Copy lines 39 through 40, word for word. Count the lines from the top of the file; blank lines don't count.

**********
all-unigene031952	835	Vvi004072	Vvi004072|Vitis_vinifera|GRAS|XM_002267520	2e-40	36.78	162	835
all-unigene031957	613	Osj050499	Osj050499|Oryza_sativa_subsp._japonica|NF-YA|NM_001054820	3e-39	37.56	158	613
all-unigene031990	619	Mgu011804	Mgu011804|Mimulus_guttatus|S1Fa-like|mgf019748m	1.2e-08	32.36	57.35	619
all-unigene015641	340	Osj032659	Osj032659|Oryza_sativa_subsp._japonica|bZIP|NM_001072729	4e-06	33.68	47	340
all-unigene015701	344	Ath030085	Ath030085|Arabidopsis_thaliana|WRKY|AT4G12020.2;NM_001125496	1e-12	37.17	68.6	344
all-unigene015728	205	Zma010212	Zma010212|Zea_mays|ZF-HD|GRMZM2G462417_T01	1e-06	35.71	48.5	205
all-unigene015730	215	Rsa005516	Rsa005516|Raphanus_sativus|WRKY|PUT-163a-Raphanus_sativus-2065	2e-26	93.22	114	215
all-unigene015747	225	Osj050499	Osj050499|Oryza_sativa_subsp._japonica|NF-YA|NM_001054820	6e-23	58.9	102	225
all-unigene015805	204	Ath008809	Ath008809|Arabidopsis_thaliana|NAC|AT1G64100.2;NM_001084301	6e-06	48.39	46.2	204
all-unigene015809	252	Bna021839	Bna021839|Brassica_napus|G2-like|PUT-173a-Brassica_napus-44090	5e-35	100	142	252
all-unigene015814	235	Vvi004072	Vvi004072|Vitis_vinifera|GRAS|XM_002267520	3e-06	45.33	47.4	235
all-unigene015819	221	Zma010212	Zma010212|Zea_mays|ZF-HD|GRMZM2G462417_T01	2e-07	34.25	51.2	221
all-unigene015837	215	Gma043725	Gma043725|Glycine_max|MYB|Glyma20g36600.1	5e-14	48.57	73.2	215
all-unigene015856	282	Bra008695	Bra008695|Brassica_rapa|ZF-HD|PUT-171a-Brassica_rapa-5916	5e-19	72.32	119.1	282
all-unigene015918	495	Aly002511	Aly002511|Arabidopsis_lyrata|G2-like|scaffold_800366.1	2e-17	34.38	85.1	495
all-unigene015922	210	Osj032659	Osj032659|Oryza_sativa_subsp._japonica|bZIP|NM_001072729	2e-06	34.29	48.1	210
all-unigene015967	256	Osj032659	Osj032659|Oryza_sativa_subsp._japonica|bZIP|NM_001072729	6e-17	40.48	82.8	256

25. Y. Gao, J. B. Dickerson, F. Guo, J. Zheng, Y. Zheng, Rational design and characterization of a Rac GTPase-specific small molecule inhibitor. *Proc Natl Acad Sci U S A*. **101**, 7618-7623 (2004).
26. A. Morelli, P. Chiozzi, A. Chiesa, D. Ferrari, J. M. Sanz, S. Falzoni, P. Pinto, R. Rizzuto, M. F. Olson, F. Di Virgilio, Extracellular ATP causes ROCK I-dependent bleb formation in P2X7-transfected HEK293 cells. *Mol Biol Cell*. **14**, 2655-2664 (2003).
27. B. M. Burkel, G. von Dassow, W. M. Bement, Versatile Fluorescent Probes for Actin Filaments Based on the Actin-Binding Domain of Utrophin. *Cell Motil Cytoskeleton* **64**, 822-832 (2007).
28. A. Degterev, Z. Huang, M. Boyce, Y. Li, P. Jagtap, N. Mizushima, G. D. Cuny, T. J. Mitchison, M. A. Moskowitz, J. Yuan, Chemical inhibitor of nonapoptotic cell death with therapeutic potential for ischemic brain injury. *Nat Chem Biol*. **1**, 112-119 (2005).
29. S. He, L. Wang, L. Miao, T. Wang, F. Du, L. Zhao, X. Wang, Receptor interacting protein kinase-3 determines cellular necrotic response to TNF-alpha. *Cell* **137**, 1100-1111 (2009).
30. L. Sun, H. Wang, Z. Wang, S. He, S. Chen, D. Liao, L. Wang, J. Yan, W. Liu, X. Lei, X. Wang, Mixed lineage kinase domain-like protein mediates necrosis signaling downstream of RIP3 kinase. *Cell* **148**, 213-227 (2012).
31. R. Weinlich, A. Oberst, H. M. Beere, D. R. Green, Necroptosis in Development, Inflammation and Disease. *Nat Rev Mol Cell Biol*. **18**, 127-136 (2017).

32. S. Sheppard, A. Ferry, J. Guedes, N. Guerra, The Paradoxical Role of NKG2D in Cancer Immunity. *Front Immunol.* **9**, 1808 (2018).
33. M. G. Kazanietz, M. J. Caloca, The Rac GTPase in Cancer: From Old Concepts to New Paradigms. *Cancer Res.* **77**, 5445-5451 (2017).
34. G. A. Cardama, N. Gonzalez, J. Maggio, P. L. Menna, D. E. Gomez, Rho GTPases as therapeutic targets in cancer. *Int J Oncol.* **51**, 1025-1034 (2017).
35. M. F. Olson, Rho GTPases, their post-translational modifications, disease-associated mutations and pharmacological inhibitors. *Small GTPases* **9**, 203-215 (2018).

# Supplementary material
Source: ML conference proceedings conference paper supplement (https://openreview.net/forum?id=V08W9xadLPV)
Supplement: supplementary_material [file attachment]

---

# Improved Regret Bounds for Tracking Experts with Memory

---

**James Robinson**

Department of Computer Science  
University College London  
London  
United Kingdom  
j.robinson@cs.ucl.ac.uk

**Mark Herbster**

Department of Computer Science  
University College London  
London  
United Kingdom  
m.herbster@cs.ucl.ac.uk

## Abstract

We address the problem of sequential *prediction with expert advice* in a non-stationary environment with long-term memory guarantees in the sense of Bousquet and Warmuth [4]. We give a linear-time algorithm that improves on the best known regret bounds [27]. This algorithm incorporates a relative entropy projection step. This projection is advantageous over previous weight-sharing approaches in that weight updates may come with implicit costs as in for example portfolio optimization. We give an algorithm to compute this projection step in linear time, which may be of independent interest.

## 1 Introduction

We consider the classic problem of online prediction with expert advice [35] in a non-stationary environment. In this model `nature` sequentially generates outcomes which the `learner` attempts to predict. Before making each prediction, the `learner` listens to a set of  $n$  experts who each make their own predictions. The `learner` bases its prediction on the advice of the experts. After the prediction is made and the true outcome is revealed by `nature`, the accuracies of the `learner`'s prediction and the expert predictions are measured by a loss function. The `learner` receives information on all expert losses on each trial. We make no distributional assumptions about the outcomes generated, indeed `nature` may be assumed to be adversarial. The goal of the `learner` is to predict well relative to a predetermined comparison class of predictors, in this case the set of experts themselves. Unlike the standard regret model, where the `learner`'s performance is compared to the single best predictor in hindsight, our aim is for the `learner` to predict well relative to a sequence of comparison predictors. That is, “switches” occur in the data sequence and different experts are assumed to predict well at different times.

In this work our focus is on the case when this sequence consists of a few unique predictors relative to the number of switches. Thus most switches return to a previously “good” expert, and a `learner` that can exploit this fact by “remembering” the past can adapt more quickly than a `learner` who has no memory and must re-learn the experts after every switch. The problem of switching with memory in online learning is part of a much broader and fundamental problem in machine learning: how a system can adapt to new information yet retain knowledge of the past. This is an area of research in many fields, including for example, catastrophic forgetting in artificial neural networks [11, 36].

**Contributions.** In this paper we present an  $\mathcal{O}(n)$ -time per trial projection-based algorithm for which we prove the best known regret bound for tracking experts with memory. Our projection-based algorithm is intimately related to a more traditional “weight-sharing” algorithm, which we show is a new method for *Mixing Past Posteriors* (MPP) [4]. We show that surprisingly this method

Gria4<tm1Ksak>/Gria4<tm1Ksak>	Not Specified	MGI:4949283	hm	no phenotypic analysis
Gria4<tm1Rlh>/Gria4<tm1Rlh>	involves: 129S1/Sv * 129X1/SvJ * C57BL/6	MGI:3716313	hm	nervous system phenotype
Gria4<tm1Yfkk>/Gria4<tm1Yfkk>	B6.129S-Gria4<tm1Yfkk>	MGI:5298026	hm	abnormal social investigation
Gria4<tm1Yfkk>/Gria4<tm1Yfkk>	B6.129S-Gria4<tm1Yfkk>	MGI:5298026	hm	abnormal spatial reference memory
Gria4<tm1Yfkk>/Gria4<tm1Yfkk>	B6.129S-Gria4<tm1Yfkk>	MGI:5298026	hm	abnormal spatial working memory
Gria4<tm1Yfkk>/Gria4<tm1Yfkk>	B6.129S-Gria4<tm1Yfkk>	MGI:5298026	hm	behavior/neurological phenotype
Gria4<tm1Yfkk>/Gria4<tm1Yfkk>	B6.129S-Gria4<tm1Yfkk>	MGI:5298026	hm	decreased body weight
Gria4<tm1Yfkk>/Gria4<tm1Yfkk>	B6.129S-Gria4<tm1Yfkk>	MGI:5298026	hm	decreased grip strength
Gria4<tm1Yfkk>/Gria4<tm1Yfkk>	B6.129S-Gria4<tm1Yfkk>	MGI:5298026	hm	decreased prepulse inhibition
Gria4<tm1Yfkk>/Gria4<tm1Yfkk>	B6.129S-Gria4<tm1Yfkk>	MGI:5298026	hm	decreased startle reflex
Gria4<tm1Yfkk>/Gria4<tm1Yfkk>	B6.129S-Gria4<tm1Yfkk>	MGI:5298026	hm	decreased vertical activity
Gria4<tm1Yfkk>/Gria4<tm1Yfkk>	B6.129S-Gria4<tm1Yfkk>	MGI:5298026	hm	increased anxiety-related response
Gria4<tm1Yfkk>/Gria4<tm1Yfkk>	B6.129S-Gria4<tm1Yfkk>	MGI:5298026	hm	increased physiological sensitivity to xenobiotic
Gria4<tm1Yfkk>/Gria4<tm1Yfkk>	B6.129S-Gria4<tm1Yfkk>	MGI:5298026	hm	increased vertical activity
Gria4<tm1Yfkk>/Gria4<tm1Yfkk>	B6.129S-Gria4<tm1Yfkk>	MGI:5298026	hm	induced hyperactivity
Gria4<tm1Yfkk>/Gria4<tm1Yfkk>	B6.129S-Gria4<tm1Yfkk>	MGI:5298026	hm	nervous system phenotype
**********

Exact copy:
United Kingdom  
j.robinson@cs.ucl.ac.uk